Newly released records suggest federal prosecutors had enough evidence to charge former U.S. Sen. John Ensign (R-NV) with lobbying or campaign finance violations, but backed off because of fear of losing in court and “undue deference to public officials,” according to a watchdog group that sued for access to the documents, the Las Vegas Review-Journal reports. Ensign resigned in 2011 during a Senate investigation that ultimately found evidence he broke the law in trying to cover up his affair with the wife of a top aide. The Senate Ethics Committee said Ensign tried to get the aide, Doug Hampton, work as a lobbyist. That would violate a law barring former Senate staffers from lobbying for one year after they leave the government. Hampton pleaded guilty to a misdemeanor lobbying violation, but Ensign was never charged.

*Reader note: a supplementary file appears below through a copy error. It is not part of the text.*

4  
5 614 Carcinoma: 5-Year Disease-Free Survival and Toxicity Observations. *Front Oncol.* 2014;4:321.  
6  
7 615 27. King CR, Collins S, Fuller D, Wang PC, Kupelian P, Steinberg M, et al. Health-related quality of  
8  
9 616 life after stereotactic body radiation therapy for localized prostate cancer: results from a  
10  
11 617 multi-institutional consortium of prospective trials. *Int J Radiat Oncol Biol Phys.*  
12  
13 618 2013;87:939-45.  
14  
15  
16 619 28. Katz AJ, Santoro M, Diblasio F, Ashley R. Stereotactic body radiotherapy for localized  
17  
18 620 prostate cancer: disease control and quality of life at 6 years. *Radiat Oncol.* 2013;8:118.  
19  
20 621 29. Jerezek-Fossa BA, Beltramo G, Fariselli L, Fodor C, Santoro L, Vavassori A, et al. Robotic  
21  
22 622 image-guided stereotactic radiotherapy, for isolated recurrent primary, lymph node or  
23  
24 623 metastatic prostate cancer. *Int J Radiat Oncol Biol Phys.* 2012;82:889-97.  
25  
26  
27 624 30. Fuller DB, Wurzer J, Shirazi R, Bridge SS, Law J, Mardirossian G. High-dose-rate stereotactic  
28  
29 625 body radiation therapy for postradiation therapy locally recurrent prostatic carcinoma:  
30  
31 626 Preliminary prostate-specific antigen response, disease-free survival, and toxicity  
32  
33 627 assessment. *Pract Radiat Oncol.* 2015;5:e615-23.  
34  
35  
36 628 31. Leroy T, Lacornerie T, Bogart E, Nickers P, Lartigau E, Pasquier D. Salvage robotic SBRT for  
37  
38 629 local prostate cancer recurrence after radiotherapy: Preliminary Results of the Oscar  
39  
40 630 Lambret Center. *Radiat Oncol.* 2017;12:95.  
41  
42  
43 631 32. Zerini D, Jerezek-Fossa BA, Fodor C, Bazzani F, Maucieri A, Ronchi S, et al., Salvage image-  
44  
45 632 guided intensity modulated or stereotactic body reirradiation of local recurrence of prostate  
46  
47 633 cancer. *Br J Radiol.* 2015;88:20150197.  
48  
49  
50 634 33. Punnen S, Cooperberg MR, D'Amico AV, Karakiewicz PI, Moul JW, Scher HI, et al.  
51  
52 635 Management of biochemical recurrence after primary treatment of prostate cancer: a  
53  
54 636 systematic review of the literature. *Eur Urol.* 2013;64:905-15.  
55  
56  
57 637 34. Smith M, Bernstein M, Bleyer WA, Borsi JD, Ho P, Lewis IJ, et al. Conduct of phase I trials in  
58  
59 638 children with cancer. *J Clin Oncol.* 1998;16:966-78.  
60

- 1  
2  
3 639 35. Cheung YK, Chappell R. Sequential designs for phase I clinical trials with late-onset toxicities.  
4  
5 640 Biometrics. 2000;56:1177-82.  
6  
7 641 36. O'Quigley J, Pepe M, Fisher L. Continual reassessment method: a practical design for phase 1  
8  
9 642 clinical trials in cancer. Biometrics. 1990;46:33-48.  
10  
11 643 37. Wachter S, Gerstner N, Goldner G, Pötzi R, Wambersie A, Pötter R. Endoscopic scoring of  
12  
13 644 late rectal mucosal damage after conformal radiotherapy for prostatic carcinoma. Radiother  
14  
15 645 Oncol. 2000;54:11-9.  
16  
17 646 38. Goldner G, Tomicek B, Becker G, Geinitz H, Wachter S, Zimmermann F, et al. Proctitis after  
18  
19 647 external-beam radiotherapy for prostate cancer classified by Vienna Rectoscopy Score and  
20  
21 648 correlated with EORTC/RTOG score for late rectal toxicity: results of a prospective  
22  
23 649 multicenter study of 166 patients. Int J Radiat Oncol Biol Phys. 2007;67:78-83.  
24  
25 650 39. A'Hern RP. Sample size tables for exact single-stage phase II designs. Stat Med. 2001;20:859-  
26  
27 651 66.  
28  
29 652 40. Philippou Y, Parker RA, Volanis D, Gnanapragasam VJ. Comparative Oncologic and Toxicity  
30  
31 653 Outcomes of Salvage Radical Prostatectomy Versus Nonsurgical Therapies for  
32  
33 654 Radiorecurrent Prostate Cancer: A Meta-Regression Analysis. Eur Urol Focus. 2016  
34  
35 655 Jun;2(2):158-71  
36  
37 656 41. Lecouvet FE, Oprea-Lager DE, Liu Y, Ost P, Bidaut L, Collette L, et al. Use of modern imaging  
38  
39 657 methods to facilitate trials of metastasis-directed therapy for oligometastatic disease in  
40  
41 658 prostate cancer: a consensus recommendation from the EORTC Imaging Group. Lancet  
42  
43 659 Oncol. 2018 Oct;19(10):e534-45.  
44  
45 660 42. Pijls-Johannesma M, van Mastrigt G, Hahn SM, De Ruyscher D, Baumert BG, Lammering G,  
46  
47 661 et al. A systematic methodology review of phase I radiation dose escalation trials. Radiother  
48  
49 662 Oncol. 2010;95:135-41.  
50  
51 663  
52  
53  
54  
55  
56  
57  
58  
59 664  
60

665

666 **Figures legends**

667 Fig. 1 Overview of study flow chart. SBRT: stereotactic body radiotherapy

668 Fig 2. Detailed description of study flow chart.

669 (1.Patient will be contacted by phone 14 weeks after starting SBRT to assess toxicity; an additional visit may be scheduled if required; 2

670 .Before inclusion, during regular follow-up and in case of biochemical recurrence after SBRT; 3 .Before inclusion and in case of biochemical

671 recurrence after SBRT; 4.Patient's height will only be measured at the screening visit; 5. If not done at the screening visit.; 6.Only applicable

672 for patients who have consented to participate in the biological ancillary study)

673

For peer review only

Officials cited “insufficient evidence and exculpatory witness testimony” in declining to prosecute Ensign, according to one of the documents uncovered by CREW. In one email, the deputy chief of the Justice Department's Public Integrity Section wrote, “this is a really tough case to win.” CREW said that conclusion was hard to understand given the large amount of evidence turned up by the Justice Department and Senate investigations.